G.S. 20-166(c) sets forth the actions required of a driver whose vehicle is involved in an accident or collision resulting in injury or death to any person. G.S. 20-182 provides that "every person convicted of wilfully violating G.S. 20-166, relative to the duties to stop or render aid or give the information required in the event of accidents,..., involving injury or death to a person, shall be punished by imprisonment for not less than one nor more than five years, ..., or by fine of not less than five hundred dollars ($500.00) or by both such fine and imprisonment." (Emphasis added.)

Defendant argues that it was incumbent on the state to show that he not only knew that the vehicle he was driving had been involved in an accident or collision, but that he also knew that the collision had resulted in injury or death to a person; and that the court should have charged the jury to that effect. In support of his argument, defendant strongly relies on the decisions of this court in State v. Ray, 229 N.C. 40, 47 S.E.2d 494 (1948), and State v. Glover, 270 N.C. 319, 154 S.E.2d 305 (1967). Both of these cases involved prosecutions pursuant to G.S. 20-166.

In Ray, Justice Ervin, speaking for the court said:

It would be a manifest absurdity to expect or require the driver of a motor vehicle to perform the acts specified in the statute in the absence of knowledge that his vehicle has been involved in an accident resulting in injury to some person. Hence, both reason and authority declare that such knowledge is an essential element of the crime created by the statute now under consideration. Herchenbach v. Commonwealth, 185 Va. 217, 38 S.E.2d 328; Blashfield's Cyclopedia of Automobile Law and Procedure (Perm. Ed.), section 781; 16 A.L.R., Annotation, 911-919. This position is expressly sustained by our statute prescribing the punishment for persons "convicted of willfully violating G.S. 20-166, relative to the duties to stop in the event of accidents... involving injury or death to a person." G.S. 20-182.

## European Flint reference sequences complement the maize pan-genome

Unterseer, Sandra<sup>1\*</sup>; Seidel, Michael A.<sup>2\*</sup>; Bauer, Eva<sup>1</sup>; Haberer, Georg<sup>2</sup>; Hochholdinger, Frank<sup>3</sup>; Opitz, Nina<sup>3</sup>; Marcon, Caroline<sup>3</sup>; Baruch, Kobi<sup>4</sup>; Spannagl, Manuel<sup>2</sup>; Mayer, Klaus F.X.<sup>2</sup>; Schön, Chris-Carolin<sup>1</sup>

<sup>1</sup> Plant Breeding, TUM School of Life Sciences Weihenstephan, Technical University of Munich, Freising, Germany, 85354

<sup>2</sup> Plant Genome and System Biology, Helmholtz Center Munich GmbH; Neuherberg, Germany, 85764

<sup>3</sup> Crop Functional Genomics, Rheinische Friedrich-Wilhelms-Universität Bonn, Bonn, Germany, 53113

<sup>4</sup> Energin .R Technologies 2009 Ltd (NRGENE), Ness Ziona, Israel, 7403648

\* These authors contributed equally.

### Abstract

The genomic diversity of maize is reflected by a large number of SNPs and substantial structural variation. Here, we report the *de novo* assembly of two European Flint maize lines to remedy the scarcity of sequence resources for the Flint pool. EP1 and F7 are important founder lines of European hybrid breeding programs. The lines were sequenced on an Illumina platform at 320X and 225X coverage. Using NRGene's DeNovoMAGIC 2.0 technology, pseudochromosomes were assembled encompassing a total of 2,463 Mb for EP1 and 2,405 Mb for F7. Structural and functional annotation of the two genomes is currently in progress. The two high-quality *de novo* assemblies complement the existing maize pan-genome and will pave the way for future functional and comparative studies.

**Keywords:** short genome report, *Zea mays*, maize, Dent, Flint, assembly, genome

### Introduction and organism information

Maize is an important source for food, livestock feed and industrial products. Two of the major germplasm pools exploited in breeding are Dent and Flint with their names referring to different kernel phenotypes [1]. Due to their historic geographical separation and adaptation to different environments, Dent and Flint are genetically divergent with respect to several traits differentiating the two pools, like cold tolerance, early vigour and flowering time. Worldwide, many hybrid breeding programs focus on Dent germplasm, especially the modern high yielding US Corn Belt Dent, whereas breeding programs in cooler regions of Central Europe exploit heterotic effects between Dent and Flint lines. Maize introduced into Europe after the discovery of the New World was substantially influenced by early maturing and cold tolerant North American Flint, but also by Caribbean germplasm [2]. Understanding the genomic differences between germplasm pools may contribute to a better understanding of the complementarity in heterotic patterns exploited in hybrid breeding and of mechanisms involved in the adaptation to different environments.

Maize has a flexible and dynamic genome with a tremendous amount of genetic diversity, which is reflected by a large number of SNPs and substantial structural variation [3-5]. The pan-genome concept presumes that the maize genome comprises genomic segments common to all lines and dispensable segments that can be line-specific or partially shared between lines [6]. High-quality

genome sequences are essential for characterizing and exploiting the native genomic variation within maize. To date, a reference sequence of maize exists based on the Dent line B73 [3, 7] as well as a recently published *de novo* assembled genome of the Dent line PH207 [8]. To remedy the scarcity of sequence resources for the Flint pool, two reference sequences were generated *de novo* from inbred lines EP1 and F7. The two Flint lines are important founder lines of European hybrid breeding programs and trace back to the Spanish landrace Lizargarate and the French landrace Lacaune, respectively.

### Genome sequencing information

229 N.C. at 42, 47 S.E.2d 494.

In Glover, a per curiam opinion, we find:

*491 Defendant contends that he had no knowledge that he had struck Willie Quick with a motor vehicle and that Willie Quick had received any injury. Both reason and authorities declare that such knowledge is an essential element of the crime created by the statute now under consideration, and charged in the indictment. State v. Ray, 229 N.C. 40, 47 S.E.2d 494.

270 N.C. at 321-22, 154 S.E.2d 305.

The state argues that the instructions given were sufficient and that the state should not be required to prove that the defendant knew that a person was killed or physically injured in the collision.

We agree with defendant and hold that in prosecutions under G.S. 20-166(a) the state must prove that the defendant knew (1) that he had been involved in an accident or collision, and (2) that a person was killed or physically injured in the collision. However, the knowledge required may be actual or may be implied. Implied knowledge can be inferred when the circumstances of an accident are such as would lead a driver to believe that he had been in an accident which killed or caused physical injury to a person. When such circumstances exist, the jury may find that the defendant had the knowledge we find to be essential for conviction under the statute.